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When a body of knowledge leaves its mother-culture and permeates into unfamiliar and very different cultures, errors of interpretation and understanding are bound to happen, and should be expected.  Of course, such errors do not exist only within Western discourse, which has tended to filter all new and incoming information not only through a Judeo-Christian rubric, (supplemented by a capitalist, political bias from around the middle of the 20th century onwards), but is also observable within various aspects of Japanese Buddhist discourse, particularly in relation to the ‘Japanese’ interpretation of ‘Chinese’ Buddhist history.  Whereas the erroneous Western discourse may be attributed in-part to cultural and historical differences, the Japanese erroneous discourse is primarily one of the deliberate ‘distortion’ of Chinese culture and identity, particularly since the Meiji Restoration of 1868, which saw a resurgent ‘nationalist’ Japan attempt to distance itself from its obvious Chinese cultural influences and origination.  This situation has been compounded by the fact that Western scholarship has chosen to follow the apparently ‘modern’ scholarship of Japan, with regard to interpreting and understanding Chinese history and culture, whilst refusing to ‘engage’ with Chinese scholarship, either ‘traditional’ (pre-1949), or ‘contemporary’ (post-1949).  This has created a situation whereby ‘Chinese’ history and culture has been inadequately interpreted by one culture (i.e. the ‘West’), through the erroneous scholarship of another (i.e. ‘Japan’), which is compounded by the fact that neither the West nor Japan are willing to admit the errors they have made (and continue to make) with regard to interpreting and understanding Chinese history and culture, and fully engage with Chinese academia to rectify these errors.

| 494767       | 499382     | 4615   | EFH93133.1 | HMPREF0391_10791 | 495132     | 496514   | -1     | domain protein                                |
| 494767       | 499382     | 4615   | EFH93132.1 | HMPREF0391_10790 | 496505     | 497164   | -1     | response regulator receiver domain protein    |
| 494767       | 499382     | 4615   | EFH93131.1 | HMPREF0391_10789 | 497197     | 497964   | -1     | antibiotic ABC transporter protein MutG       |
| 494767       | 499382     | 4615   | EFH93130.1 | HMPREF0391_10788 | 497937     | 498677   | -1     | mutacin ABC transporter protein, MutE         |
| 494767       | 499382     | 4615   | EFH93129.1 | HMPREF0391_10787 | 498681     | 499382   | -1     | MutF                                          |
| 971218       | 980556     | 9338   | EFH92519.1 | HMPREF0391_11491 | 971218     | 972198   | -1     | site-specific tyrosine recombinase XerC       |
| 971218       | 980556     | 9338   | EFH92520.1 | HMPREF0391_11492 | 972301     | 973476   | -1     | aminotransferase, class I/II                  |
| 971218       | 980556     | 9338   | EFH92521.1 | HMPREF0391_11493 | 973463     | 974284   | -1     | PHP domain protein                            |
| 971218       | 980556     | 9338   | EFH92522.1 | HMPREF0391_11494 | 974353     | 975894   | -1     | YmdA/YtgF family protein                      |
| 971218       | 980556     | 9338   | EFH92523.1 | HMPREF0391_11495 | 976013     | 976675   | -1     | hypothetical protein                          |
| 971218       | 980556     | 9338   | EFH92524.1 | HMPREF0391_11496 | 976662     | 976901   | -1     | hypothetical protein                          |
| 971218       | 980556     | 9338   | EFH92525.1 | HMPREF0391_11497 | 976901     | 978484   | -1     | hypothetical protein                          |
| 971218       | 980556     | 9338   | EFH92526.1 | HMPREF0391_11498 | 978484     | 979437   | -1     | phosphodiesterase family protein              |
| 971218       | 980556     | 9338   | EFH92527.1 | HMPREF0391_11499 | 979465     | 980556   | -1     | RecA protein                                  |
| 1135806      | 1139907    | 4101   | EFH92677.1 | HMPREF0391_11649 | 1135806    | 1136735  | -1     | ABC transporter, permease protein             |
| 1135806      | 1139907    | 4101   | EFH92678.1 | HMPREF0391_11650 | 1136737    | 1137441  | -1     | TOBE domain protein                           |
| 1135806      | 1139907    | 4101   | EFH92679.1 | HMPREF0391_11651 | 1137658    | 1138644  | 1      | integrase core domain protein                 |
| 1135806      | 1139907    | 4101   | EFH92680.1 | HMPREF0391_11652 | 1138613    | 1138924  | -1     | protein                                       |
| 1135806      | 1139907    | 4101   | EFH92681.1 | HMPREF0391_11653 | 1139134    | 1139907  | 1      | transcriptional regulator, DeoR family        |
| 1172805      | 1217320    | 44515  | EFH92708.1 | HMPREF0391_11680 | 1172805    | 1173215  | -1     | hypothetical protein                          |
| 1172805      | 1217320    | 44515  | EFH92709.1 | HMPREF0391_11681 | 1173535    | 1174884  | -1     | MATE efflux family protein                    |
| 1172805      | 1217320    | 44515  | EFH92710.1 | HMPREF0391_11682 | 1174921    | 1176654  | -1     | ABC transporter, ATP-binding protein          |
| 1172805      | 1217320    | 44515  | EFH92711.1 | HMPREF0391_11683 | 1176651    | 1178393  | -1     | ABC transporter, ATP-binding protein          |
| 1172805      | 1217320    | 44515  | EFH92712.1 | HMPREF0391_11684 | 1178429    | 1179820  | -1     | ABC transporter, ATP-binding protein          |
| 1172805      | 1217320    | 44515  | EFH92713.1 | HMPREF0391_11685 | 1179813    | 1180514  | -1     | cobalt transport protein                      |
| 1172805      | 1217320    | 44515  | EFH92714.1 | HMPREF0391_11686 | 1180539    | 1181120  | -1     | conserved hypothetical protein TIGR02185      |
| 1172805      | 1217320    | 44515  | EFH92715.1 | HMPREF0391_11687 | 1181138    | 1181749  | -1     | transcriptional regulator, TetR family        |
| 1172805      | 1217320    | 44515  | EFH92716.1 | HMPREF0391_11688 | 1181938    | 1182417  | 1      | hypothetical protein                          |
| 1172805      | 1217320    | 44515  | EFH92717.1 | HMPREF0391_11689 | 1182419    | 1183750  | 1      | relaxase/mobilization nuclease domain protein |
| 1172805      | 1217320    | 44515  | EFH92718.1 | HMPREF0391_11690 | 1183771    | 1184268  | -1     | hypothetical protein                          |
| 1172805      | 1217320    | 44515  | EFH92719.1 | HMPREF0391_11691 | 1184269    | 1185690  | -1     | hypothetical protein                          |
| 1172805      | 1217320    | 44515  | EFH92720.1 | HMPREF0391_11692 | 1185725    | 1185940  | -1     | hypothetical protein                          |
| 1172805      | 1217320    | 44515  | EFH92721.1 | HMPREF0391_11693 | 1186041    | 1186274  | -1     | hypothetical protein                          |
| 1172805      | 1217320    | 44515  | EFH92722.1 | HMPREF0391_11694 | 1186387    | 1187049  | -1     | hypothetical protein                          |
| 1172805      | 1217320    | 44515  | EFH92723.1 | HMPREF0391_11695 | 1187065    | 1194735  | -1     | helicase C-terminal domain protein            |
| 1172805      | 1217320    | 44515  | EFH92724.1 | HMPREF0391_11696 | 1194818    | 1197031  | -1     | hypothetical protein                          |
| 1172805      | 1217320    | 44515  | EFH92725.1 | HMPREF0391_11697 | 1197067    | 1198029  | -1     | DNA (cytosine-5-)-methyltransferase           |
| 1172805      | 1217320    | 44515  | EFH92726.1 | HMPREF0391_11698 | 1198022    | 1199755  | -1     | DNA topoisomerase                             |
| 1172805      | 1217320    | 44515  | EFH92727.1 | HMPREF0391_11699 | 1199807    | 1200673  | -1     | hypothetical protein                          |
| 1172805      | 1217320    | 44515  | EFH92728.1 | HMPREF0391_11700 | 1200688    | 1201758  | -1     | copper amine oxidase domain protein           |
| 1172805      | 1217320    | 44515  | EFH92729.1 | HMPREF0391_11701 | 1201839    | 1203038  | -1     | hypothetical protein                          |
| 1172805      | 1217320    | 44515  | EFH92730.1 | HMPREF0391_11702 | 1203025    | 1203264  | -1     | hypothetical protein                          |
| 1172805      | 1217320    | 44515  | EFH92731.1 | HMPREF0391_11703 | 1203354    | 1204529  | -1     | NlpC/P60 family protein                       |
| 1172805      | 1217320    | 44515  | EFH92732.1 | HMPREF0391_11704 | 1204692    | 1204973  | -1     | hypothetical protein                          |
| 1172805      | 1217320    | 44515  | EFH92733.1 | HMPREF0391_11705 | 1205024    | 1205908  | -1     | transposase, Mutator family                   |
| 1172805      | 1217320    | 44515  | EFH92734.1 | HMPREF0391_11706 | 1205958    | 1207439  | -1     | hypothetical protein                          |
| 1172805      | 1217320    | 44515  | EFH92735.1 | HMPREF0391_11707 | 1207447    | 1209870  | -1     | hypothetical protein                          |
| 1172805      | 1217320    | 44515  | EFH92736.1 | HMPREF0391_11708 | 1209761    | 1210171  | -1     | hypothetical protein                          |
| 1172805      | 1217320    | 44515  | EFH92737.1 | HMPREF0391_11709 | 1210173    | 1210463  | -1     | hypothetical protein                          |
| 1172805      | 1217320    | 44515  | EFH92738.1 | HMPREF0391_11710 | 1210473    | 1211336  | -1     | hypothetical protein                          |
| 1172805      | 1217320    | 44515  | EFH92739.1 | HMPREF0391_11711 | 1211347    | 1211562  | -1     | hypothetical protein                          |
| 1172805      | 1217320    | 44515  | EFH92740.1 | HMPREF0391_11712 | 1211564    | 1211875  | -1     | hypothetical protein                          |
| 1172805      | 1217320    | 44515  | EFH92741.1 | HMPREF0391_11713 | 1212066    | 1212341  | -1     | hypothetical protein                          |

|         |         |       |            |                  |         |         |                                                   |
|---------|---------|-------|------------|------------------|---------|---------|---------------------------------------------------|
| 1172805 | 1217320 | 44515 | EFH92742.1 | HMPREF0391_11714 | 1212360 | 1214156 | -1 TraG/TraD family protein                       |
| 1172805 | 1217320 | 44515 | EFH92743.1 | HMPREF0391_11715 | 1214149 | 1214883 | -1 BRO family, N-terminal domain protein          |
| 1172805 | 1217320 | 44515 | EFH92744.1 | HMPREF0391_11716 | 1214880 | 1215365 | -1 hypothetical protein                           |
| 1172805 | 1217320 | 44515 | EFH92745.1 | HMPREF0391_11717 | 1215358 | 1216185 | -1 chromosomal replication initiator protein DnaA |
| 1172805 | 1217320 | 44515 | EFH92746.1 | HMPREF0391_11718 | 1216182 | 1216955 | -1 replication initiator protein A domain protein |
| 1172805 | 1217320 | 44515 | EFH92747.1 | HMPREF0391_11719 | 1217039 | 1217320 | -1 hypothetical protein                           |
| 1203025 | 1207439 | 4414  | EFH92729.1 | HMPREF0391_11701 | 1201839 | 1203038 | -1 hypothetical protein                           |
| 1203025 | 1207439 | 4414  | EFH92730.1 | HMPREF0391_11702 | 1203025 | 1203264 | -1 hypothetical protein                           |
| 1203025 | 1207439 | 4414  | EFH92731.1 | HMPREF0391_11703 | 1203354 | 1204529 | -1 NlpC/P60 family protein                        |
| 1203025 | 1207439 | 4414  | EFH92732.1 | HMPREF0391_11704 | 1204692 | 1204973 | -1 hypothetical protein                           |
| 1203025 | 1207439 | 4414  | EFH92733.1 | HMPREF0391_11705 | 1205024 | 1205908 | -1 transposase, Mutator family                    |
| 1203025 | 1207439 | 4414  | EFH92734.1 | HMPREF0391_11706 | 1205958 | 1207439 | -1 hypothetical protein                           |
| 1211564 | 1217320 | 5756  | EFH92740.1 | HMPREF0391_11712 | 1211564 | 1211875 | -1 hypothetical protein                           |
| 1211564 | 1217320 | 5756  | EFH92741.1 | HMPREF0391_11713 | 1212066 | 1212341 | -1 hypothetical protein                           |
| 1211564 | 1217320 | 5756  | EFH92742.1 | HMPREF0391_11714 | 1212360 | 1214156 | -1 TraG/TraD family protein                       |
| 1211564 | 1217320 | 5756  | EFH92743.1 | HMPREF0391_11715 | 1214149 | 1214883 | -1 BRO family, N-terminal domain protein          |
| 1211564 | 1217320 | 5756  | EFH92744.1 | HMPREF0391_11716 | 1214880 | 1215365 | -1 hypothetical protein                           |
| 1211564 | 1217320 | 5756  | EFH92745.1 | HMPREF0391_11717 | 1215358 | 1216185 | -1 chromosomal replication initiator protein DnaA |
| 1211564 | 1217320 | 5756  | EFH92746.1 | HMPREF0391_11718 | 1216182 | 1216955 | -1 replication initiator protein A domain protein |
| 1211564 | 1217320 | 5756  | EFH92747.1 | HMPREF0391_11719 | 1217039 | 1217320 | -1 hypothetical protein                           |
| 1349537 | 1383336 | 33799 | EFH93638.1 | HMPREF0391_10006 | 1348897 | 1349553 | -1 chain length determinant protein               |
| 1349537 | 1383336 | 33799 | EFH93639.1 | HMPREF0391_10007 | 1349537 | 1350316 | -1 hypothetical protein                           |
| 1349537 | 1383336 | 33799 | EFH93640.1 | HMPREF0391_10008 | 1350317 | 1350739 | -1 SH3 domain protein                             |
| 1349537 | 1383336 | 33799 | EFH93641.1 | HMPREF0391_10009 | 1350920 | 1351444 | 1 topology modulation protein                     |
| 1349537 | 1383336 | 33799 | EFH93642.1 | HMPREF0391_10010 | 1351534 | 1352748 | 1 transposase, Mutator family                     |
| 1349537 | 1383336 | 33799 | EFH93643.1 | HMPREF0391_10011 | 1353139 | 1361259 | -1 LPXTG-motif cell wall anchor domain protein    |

It goes without saying that every distinct cultural grouping possesses the right for self-determination, and, of course, self-interpretation, but with regard to China’s own distinct historical and cultural identity, the West and Japan appear unwilling to apply this most ‘liberal’ and common-sense attribute.  Prior to WWII, China appeared ‘distant’ even to those colonial Europeans who lived there.  The Confucian-based education system was designed to exclude most Chinese people, and it certainly was not open to those non-Chinese who did not understand its ethos and functionality. Although a small number of Western scholars did attempt to engage this old style Chinese academia, for the majority of Europeans It appeared opaque and impenetrable.  Japan, by way of contrast, whilst pursuing a racist nationalist policy throughout Asia, was willing to modernise its institutions along Western lines, and that included reforming its academia away from that of Chinese dominated Confucianism.  Part of this drive for cultural independence from China was the whole-sale rejection of Chinese history and culture.  Japan quite literally ‘invented’ a new identity for itself, whilst mimicking the West culturally and militarily (a policy that would ironically lead it into a direct and disastrous confrontation with the West).  After Japan’s defeat in 1945 (caused in part by the dropping of two atomic bombs by the US), and the success of Chinese Communism in 1949, the US quickly reactivated Japanese nationalism, albeit operating in a new framework of enforced liberal democracy and rampant, US-style capitalism.  The US pursued this policy to create a Japanese buffer-zone between Communist China and the rest of Asia.  From that ‘Cold War’ point onward, the US would not allow any correction of either its own, or Japanese scholarship relating to China, and actively encouraged further misrepresentation and distortion.  The idea of this policy was to ‘conflate’ everything ‘Chinese’ with everything ‘Japanese’, so that the ordinary Westerner could not tell them apart, and had no independent access to Chinese academia to check the claims.  Although the internet has allowed for theoretical access to Chinese history from China, the obvious language barrier prevents the average Westerner from being able to engage directly with authentic Chinese culture without the aid of reliable translation.  However, more and more good quality translation is slowly becoming available about China in the West, and this is breaking-up the US-Japan monopoly upon interpreting Chinese history and culture.